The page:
Executive Function (n) is a set of cognitive processes that help us self-regulate so we can effectively plan, prioritize, and sustain effort toward our goals.
Executive function is kind of like, the CEO of the brain.
It helps us go from wanting to do a thing to actually getting it done.
And there’s a lot that goes into that.
The cognitive processes that make up executive function are things like:
- response inhibition, which helps us not be impulsive.
- working memory, which helps us hold information in our head temporarily or remember it while we work with it.
- Set shifting, which is what helps us shift between tasks that have different cognitive demands.
- And the ability to delay immediate gratification so we can achieve long term rewards. In ADHD the research term for this is ‘delay aversion’.
These functions help us with what people often call “being an adult”.What is Executive Function and Why Do We Need it? – YouTube
Executive function/dysfunction: Executive function is the term used to describe how the brain initiates tasks. For neurodivergent folk, our executive function is often dysfunctional. This means we can often find it difficult to start new tasks. A way you may experience it is when you are sitting down, you may be screaming internally that you need to go and get some food, but your body seems unwilling to co-operate. Having executive dysfunction does not mean you are lazy, or do not want to do the task, it means you may be unable to do the task.salti the Late Diagnosed Autistic on Tumblr
Executive function is a set of cognitive or thinking skills that are responsible for the following:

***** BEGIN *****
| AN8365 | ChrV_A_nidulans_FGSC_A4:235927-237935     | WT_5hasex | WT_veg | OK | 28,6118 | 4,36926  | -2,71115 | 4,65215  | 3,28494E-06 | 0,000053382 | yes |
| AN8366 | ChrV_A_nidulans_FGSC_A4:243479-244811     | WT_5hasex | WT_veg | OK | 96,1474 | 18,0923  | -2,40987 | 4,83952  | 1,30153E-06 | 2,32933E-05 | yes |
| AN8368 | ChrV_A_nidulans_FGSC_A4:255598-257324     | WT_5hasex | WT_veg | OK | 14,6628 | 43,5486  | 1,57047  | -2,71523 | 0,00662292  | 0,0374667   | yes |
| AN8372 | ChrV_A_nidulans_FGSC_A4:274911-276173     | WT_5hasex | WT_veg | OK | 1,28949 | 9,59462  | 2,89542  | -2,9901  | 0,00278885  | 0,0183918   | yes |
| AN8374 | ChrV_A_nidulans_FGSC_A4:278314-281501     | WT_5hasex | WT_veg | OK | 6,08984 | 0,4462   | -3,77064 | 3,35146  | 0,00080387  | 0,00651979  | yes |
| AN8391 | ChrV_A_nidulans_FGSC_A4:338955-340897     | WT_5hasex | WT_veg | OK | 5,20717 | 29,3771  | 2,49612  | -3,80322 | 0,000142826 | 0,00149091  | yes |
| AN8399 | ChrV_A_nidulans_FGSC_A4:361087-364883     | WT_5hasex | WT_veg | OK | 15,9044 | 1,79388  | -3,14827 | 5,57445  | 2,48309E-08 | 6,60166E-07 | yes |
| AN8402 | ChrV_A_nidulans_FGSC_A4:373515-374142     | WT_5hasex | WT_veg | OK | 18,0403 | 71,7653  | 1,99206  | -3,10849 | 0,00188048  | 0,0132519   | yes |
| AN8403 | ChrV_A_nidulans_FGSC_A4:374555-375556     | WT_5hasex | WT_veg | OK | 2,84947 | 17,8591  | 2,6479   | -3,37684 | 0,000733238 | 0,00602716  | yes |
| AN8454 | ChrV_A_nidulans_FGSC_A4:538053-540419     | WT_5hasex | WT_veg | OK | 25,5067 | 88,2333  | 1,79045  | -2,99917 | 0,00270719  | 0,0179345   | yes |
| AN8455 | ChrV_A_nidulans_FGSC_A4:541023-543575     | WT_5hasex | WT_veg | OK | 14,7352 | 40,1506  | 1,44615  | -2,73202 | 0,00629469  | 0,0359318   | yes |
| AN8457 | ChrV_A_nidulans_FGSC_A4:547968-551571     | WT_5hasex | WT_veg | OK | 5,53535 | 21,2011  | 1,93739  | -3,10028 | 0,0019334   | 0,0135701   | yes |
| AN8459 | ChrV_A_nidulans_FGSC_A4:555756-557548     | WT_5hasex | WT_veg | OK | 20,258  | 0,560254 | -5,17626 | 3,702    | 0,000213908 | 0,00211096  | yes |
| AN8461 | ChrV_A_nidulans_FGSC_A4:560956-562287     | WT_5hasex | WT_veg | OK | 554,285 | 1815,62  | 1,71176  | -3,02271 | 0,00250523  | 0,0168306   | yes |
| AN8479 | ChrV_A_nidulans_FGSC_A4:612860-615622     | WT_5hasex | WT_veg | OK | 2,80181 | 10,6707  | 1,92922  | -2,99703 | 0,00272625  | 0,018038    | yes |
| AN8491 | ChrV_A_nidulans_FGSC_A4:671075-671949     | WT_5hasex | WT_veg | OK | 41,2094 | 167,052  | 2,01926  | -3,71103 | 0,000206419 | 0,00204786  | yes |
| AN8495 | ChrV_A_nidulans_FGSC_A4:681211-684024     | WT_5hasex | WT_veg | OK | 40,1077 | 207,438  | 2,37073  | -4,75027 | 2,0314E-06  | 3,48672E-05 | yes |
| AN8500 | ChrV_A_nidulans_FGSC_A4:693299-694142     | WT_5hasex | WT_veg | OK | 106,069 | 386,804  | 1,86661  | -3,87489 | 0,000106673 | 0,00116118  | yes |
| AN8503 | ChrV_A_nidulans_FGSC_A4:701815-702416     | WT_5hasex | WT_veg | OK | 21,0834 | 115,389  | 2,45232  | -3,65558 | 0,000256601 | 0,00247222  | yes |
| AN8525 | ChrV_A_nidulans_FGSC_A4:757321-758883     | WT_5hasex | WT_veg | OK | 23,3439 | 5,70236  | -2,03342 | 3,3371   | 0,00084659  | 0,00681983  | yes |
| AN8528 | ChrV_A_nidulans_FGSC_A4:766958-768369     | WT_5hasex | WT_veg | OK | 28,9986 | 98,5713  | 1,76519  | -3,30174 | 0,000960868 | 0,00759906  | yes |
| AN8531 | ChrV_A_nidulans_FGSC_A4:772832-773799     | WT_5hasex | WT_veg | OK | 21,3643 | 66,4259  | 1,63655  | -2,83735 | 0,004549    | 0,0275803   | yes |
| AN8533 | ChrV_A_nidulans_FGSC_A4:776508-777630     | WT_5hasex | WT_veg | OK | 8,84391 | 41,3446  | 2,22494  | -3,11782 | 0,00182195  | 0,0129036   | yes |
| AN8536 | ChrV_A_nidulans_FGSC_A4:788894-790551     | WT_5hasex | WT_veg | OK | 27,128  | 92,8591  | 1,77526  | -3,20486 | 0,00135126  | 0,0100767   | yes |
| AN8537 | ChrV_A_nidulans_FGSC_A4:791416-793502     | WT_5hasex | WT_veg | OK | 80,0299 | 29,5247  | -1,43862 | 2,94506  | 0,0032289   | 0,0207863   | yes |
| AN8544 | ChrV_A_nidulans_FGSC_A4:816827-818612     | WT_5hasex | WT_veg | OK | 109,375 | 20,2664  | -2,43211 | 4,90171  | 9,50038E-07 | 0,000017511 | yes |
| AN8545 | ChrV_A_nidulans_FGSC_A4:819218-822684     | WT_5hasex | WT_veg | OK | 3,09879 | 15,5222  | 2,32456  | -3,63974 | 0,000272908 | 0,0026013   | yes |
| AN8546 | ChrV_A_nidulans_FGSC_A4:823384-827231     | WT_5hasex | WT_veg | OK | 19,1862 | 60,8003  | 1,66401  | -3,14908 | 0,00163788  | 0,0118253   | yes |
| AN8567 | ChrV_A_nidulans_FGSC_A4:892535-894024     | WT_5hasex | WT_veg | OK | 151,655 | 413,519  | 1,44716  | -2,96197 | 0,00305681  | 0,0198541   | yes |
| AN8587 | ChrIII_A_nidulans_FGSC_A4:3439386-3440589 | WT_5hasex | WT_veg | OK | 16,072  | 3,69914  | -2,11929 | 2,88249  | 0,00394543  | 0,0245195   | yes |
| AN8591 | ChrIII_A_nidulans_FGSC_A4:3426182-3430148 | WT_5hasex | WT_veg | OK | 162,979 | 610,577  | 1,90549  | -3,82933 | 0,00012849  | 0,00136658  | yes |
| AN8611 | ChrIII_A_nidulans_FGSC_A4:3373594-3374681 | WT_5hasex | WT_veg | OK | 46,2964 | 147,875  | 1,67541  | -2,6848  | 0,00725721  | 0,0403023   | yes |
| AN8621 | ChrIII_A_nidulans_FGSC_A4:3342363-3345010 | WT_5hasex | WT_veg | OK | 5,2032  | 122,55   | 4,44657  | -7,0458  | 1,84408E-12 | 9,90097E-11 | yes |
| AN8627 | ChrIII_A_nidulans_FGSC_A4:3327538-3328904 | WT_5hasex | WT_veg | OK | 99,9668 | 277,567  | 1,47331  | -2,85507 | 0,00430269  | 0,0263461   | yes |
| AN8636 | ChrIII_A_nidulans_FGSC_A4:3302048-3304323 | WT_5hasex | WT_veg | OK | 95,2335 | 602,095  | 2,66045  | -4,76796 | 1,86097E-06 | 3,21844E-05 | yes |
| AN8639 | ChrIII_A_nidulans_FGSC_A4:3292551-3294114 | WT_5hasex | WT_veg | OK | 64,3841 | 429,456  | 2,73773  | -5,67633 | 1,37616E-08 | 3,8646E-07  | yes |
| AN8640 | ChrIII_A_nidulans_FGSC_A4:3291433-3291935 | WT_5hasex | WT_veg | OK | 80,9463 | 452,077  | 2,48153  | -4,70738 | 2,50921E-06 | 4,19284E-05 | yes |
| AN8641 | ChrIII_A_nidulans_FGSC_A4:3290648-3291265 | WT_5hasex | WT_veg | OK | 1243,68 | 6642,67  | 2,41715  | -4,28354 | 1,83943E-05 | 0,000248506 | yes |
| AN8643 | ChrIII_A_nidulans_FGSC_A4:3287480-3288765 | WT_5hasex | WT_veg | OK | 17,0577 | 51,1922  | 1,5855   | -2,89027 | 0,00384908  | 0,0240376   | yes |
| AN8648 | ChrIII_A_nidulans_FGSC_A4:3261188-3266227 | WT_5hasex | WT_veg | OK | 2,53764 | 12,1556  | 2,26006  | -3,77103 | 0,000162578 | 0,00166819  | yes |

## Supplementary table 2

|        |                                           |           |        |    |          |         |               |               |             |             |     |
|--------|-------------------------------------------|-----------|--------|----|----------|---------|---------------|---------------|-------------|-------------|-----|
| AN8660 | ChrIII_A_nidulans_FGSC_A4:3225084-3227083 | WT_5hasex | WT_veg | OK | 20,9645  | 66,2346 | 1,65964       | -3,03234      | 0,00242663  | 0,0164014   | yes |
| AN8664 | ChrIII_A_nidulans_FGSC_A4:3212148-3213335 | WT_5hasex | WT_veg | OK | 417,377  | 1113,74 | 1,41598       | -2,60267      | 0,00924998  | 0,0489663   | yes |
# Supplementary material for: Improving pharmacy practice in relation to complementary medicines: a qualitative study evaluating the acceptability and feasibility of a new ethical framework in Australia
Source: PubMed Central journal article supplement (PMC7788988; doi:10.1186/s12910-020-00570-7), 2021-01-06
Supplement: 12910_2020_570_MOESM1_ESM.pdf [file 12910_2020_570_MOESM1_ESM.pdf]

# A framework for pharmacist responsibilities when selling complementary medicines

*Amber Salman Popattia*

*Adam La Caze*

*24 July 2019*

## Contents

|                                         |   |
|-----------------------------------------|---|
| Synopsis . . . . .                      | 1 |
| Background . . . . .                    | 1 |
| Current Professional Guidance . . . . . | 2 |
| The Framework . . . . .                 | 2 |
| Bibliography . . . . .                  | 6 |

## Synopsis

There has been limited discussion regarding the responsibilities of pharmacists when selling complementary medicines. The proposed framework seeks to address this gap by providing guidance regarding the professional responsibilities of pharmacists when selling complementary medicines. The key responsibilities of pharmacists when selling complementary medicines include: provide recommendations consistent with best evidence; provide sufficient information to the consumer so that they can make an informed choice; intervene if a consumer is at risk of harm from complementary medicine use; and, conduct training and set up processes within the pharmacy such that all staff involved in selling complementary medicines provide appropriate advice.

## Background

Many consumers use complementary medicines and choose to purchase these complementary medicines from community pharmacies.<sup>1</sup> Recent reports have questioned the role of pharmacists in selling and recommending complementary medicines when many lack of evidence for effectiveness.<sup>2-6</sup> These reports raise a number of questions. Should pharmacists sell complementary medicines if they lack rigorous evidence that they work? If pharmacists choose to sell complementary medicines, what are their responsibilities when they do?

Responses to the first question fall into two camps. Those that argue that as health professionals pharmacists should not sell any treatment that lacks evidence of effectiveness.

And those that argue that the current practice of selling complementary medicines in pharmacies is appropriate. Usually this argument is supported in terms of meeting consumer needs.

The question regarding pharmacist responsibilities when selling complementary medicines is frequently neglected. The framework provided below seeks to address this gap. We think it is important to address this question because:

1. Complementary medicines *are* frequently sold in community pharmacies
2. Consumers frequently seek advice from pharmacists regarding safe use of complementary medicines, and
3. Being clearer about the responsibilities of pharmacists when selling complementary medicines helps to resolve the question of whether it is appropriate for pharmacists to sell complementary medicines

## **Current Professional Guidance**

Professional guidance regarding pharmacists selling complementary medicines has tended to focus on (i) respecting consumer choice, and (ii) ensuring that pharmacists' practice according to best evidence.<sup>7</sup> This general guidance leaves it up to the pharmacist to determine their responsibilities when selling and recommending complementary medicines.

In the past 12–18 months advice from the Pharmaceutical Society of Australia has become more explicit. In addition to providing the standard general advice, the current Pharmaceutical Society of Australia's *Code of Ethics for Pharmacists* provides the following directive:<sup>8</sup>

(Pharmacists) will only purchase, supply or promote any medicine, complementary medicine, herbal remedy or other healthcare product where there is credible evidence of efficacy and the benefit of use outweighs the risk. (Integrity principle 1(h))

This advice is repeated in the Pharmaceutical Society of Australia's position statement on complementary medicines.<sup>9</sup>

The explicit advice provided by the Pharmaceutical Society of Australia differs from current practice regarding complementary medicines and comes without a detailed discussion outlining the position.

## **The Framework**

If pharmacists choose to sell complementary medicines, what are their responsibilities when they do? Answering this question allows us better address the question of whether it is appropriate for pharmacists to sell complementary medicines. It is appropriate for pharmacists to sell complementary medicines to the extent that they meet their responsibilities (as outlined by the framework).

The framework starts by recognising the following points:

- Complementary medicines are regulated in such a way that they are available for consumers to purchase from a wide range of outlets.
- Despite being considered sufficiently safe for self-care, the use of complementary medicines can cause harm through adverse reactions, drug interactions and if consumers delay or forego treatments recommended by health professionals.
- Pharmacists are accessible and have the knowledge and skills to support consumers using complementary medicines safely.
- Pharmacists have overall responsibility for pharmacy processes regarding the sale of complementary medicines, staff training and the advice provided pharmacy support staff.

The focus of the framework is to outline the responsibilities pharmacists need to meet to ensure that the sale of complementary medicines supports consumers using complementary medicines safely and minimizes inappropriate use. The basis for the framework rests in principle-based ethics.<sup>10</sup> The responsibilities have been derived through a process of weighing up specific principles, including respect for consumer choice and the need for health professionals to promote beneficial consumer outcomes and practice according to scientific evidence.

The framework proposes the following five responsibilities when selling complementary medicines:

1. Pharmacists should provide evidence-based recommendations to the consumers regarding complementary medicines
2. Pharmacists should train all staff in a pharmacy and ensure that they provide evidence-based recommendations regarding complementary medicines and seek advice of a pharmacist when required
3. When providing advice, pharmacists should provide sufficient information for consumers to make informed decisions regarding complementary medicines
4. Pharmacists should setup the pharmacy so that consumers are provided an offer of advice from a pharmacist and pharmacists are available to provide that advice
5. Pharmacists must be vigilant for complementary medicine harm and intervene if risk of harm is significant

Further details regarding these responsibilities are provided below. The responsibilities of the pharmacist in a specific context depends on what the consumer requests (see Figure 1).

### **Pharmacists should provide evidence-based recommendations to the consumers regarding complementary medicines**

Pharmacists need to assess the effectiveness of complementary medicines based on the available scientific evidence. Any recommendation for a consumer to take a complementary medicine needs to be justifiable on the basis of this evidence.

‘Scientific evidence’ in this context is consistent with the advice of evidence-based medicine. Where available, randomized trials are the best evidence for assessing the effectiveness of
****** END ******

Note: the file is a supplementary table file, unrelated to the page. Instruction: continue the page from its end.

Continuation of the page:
What is Executive Function – How it Relates to ADHD – YouTube
- planning, organization and prioritizing,
- initiating actions,
- self-monitoring your behavior,
- being able to shift your attention between tasks
- and working memory.
When psychologist Russell Barkley (1997) refers to that space between stimulus and response, he calls it “the point of performance.” It is that particular time and place where we are called upon to recognize our options and commit ourselves to a course of action. It is a window of opportunity that is available only for a limited time. According to Barkley, response inhibition is the key to keeping that window of opportunity open long enough to consider our options and choose our path. Barkley cites response inhibition as the most fundamental of the brain’s executive functions and the gateway to accessing the other executive functions such as working memory, cognitive flexibility, planning, and problem solving (Barkley, 1997).Executive Function and Child Development
Barkley (1997) describes executive function as self-directed mental strategies that (1) occur during a delay in responding to an event; (2) serve to modify the eventual response; and (3) improve the future consequences related to the event. Barkley and others have posed theories that explain how these mental processes organize and order our behavior, allowing us to direct our actions through time toward a goal. Executive functions involve mental processes such as:
Executive Function and Child Development
- Working memory: holding several pieces of information in mind while we try to do something with them—for example, understand and solve a problem or carry out a task.